Like their smaller residential apartment sisters, these buildings are being constructed on old properties to take advantage of the fall in land prices. But there is one additional factor at work as well.

Historically, most buildings in Japan have generally been limited to less than 10 stories. Given its history of earthquake activity, it was necessary for building codes to provide such a height limitation. But advanced building techniques that allow for buildings to dissipate seismic energy through swaying have allowed for easing in building standards over the years, and, as a result, have given rise to these high-rises.

Experts believe that revitalization of the downtown Tokyo area into an attractive location for living, working, and recreation will be essential for the future stabilization of land prices.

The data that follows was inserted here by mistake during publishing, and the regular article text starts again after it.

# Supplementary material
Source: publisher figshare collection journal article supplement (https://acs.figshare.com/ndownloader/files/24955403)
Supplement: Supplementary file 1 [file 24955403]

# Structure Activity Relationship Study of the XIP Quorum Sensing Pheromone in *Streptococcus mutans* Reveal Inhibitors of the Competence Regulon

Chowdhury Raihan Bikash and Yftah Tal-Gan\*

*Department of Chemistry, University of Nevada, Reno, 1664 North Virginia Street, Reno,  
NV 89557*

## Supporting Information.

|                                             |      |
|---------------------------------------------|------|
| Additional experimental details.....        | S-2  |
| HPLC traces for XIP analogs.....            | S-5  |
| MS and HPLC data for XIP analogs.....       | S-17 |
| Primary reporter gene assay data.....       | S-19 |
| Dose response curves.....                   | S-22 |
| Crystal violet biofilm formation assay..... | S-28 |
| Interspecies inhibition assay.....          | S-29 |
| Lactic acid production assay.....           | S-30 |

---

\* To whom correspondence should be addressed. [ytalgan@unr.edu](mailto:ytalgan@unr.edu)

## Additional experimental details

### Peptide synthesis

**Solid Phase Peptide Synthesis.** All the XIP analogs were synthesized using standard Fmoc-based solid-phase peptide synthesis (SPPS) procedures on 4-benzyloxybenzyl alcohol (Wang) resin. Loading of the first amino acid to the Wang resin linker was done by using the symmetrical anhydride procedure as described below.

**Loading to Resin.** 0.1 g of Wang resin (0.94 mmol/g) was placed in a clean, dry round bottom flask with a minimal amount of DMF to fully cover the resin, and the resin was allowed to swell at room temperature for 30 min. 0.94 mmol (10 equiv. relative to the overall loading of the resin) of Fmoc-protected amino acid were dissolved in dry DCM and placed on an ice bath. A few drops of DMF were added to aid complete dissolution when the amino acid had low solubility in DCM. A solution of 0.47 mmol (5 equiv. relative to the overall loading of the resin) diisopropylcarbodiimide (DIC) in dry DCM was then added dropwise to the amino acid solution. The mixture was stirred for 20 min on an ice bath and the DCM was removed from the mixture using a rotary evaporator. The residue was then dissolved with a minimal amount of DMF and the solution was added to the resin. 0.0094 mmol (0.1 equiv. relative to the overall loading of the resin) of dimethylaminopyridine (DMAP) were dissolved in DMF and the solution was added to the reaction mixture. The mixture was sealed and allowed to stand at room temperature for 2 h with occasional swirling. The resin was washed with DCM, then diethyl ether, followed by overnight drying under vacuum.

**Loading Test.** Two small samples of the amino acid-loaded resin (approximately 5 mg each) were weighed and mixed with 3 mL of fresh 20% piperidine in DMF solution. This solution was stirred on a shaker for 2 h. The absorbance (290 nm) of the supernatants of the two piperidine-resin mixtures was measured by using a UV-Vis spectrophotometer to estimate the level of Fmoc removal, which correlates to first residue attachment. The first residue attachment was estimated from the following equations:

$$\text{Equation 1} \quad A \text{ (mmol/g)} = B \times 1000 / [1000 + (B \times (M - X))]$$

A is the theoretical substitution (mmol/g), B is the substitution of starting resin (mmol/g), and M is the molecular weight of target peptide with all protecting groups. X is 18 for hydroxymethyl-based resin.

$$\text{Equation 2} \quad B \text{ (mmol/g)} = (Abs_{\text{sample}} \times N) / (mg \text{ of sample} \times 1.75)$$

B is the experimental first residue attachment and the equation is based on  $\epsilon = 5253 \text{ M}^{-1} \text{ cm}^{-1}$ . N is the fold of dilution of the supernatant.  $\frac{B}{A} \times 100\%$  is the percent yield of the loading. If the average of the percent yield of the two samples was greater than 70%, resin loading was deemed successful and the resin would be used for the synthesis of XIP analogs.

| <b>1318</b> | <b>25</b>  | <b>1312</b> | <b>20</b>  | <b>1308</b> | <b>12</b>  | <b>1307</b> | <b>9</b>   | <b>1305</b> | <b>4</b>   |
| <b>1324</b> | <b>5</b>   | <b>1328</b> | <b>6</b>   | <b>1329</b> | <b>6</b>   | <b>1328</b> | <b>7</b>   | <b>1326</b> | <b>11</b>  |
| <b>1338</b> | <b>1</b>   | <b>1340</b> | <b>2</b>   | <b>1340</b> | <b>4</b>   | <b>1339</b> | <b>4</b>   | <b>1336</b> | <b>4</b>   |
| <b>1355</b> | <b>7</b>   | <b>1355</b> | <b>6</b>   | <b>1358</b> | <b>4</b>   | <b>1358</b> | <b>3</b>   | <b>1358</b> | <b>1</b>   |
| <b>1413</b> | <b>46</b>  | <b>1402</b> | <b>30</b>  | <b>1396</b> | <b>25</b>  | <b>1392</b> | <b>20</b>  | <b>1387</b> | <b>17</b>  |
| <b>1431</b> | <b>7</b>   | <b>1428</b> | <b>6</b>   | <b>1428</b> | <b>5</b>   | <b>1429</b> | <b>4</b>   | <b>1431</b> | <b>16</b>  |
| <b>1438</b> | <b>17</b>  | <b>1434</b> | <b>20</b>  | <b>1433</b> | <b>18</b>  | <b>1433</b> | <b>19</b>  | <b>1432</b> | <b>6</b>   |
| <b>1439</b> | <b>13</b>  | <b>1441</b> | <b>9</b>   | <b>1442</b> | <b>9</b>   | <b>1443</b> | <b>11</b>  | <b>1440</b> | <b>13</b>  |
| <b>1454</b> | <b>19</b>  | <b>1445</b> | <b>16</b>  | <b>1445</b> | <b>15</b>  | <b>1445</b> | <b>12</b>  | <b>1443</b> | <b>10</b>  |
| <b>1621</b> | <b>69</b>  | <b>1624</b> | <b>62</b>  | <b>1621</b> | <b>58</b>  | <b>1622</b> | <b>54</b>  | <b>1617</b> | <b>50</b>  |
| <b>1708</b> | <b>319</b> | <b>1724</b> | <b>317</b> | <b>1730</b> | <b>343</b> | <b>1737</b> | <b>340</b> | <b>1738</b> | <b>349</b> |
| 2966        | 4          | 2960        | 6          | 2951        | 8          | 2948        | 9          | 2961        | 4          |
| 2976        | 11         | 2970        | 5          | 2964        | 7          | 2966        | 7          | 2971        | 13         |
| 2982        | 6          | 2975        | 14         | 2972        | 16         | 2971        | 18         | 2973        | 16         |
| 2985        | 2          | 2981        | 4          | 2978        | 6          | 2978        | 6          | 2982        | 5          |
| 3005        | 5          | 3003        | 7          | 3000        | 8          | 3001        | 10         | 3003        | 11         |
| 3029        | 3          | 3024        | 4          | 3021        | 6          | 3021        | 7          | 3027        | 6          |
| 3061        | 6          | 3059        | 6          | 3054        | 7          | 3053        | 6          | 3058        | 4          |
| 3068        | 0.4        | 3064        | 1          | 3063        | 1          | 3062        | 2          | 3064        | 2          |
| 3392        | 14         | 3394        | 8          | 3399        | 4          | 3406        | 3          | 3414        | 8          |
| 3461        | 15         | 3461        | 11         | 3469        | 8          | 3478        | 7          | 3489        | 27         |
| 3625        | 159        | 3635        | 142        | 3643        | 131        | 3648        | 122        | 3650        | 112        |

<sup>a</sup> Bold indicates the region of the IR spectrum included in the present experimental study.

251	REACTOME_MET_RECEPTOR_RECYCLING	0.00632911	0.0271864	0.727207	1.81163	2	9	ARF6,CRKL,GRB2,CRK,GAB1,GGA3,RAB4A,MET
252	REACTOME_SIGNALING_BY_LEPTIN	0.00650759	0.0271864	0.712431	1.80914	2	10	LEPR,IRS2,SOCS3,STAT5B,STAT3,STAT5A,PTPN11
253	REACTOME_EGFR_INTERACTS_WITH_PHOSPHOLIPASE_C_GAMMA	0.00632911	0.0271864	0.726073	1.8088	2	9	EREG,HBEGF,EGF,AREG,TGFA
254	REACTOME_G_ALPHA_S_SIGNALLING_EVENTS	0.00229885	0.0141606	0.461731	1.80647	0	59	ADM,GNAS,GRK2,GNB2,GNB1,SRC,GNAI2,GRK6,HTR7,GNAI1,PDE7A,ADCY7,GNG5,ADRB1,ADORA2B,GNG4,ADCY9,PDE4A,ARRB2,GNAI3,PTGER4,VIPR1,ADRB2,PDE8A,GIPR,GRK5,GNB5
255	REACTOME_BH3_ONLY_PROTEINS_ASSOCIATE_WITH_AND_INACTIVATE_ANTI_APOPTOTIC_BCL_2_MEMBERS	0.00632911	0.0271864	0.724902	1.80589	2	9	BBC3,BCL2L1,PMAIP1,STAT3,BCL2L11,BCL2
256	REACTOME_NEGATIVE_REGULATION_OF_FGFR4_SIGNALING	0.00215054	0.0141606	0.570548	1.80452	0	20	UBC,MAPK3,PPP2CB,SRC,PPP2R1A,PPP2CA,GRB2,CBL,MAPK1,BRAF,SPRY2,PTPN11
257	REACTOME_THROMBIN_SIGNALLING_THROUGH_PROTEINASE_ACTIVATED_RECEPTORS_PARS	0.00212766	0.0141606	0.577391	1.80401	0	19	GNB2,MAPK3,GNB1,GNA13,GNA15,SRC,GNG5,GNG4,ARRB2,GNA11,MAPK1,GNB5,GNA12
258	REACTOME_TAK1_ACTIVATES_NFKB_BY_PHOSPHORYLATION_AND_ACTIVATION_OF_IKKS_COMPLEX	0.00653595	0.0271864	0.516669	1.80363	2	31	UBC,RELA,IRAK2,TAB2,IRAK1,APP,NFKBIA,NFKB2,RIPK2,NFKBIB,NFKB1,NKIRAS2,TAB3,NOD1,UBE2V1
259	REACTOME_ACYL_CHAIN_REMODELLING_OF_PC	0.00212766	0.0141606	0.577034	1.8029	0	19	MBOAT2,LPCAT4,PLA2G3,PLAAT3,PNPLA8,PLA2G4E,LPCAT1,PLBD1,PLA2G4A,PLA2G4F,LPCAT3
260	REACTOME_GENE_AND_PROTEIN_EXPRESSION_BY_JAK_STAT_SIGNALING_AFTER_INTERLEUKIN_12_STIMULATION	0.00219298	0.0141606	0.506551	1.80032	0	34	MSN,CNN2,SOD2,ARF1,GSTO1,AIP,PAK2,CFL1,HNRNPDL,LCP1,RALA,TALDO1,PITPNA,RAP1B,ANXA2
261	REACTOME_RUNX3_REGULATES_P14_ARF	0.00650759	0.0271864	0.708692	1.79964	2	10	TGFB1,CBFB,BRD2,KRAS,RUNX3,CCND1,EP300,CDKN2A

The Marunouchi Building, which will open in September across from Tokyo Station, is probably the ultimate example of this philosophy at work. Operated by Mitsubishi Estate, the 37-story building will be a relatively new concept for Tokyo; it will house high-end retail spaces, modern offices, and posh restaurants in one building. But that is not all.

April 2003 will see the opening of Roppongi Hills, an entertainment and office complex that will attempt to polish the mainly seedy image of Tokyo's number one entertainment district. This will be Mori Building's signature piece, a true Tokyo landmark of size (55 floor) and cost (270 billion yen) that will match the Marunouchi Building in shopping, restaurant, and office options office, and up the ante by including a 390-room luxury hotel.